How Dubai student Sanchit Kapoor became a World Youth Scrabble Champion

Dubai’s teenage Scrabble prodigy, Sanchit Kapoor, is a young man of many words. After clawing his way up the tournament’s rankings for six years, the 16-year-old wunderkind finally won the World Youth Scrabble Championship in Lille, France, this summer. “It’s been a dream that I’ve had ever since I played [at the World Youth Scrabble […]

Dubai’s teenage Scrabble prodigy, Sanchit Kapoor, is a young man of many words.

After clawing his way up the tournament’s rankings for six years, the 16-year-old wunderkind finally won the World Youth Scrabble Championship in Lille, France, this summer.

“It’s been a dream that I’ve had ever since I played [at the World Youth Scrabble Championship] in 2013, when I first finished in the top 10.

“I knew that I could possibly win it and that I had time, but I also knew that I had to improve my word gameplay,” says the GEMS Modern Academy student.

Kapoor first competed in the tournament in 2011, in Malaysia, where he finished in 53rd place. Hooked, he competed every subsequent year, working his way up to 18th place in 2012 and, impressively, finishing in the top 10 three years in a row, before finally being crowned world champion.

“I just felt very relieved to have finally won, because this is probably going to be my last year,” he says.

Kapoor’s mother first introduced him to Scrabble when he was about 8. He immediately fell for the “basic mathematical side” and, as it turned out, he had an affinity for “studying words and etymologies, and encountering new words”.

Nikhil Soneja, Kapoor’s coach and chairman of the UAE Scrabble Club, discovered the young master at a Mattel scrabble tournament that he was judging in Zabeel Park in 2010.

The 38-year-old has played the game competitively for almost 25 years; himself a top-10 ranked player in the Gulf, Soneja began playing in Bahrain, which hosted the Gulf Scrabble Championships until 2009 when the regional tournament moved to the UAE.

He attributes Kapoor’s success to a love of the game and sheer determination.

“I remember, in his first year, Sanchit actually made it his goal to learn the 1,000 most probable seven letter words, and that’s something that’s really self-driven.”

The tournament, says Soneja, is intense – with participants playing up to eight or nine hours a day, for three days. “From what I’ve seen with kids who play Scrabble, they really have to be brilliant all-rounders.

“It’s not enough to just have a knowledge of words. They have to be good at maths; they have to have the right patience; they have to have the right temperament.”

What’s even harder than getting to the top is staying power, he adds. It requires great focus and concentration to win consistently over the three days of a tournament.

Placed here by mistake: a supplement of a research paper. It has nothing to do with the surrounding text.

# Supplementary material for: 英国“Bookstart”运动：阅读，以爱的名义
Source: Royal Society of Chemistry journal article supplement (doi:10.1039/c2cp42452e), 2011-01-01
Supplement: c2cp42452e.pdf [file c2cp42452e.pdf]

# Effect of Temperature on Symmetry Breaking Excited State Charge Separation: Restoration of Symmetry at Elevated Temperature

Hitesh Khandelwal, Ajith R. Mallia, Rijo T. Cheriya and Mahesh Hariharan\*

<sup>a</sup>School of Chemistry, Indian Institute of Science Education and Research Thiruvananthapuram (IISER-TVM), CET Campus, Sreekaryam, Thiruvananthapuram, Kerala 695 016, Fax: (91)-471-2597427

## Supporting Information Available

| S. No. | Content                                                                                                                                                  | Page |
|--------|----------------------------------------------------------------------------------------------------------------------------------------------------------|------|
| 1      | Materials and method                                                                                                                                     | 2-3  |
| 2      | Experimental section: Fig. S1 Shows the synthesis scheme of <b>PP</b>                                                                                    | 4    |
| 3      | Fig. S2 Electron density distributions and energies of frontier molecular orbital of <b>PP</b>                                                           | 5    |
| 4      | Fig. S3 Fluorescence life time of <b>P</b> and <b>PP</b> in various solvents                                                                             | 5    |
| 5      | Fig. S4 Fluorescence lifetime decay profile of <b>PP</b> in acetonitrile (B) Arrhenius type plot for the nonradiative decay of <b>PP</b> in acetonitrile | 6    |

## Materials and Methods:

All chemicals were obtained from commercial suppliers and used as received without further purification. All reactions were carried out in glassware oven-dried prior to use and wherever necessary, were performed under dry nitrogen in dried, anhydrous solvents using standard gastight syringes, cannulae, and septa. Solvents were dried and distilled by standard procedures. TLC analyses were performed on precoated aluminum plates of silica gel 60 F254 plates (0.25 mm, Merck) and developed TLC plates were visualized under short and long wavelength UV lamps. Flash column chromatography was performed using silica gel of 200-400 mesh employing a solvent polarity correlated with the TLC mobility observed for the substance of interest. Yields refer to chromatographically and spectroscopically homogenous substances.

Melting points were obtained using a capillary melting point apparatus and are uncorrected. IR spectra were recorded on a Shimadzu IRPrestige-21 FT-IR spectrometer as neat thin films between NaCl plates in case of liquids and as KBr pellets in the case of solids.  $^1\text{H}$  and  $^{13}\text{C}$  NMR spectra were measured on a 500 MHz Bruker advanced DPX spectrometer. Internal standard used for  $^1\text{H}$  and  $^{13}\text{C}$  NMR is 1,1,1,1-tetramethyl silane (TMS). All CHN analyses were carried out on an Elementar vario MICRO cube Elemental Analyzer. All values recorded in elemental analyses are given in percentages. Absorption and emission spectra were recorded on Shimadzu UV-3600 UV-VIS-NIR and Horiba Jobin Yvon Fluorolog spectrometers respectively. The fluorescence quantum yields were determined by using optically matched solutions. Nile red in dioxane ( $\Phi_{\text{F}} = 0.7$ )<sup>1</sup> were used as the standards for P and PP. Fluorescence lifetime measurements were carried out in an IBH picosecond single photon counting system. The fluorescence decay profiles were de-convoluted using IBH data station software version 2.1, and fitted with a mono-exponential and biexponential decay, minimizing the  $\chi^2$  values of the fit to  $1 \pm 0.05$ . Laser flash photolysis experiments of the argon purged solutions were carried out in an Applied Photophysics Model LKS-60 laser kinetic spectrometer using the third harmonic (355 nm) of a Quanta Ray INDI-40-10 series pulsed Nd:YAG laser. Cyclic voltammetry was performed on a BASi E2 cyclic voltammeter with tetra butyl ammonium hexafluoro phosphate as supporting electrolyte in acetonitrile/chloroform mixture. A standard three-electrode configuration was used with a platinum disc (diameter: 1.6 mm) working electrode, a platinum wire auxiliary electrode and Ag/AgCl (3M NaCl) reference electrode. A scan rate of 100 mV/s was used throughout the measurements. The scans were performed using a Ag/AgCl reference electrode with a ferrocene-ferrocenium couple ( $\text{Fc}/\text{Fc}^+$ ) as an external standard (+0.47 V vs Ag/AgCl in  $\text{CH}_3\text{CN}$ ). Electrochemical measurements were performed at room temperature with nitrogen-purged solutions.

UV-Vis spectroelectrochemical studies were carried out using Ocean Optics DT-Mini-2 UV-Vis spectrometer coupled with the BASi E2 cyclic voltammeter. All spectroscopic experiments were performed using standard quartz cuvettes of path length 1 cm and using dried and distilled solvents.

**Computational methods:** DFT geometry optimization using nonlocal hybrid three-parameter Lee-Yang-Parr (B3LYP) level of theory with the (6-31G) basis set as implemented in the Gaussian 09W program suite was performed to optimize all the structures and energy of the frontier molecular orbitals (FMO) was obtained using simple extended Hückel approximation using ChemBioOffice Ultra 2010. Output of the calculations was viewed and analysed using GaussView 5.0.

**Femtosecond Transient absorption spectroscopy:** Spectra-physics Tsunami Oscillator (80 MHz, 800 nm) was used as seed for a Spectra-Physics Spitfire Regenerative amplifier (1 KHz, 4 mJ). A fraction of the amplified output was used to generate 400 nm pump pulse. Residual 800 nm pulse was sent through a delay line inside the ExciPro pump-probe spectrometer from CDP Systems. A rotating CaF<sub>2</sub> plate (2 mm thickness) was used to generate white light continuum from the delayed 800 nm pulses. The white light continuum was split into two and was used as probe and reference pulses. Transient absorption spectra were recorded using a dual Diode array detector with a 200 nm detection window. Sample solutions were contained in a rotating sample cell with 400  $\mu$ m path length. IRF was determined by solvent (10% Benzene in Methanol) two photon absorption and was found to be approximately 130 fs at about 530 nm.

Aside from learning physics, chemistry, maths and English at school, Kapoor is also studying computing and hopes one day to work in IT.

The wordsmith studies programming at school and learns Java, Python, HTML and CSS scripts in his spare time. He also plays on the school football team, and competes in debates and quizzes.

With his time increasingly taken up with schoolwork, UAE Scrabble Club meetups have grown infrequent, and Kapoor now mostly practises Scrabble alone.

One of the most useful tools at his disposal is a computer program Zyzzyva, a word-learning software named after a weevil, that’s also a very high-scoring Scrabble word. Crucially, Zyzzyva allows users to search useful words by patterns and length.

In 1938, the American architect Alfred Butts invented Lexiko, which was sold commercially as Scrabble in 1949. Butts created a set of letter tiles with varying point values that he worked out by analysing the frequency of letters used in words on the cover of The New York Times. Today players pit their knowledge of words with high-scoring letter combinations, many of which are not in common usage but must be listed in the Scrabble tournament bible Collins Scrabble Words.

Serious Scrabble players learn words not by meaning but utility, says Soneja. “You try to learn words that are more probable in terms of combinations.”

Having finished his sixth year of competition, Kapoor says preparing for the Championship is more about “changing gears”, into a “Scrabble mindset”, as they grow nearer.

“This year, I was very fortunate to have this tournament happen at the end of the summer holidays, so I had the entire summer holiday to devote to it – and some college applications.”

Even with all his hard work in preparation, actually winning this year’s competition was no mean feat.

By the start of his last match, Kapoor had already won. “When you get closer to the end of a game, you have to plan it out more; you have to think more strategically – he’s really gotten good at that,” says Soneja.

Many of those who have finished in the top 10 in the past few years were younger than Kapoor was at his first competition.

Ultimately though, Kapoor’s experience counted. “I really think that some of the games that came down to the wire went my way because of sheer experience,” he says.

Soneja wishes the world championships were around when he was a child. “I’m not sure I would have ever gotten to Sanchit’s level,” he says with a laugh.

“But, it’s great for these kids that they have this [tournament] where they can compete and interact with people of their own age and at the same stages in life. Other than Sanchit, some of those kids are the most intelligent I’ve seen in the world, so it’s really something else.”

Hareth Al Bustani is a features writer at The National.

Source: art & life

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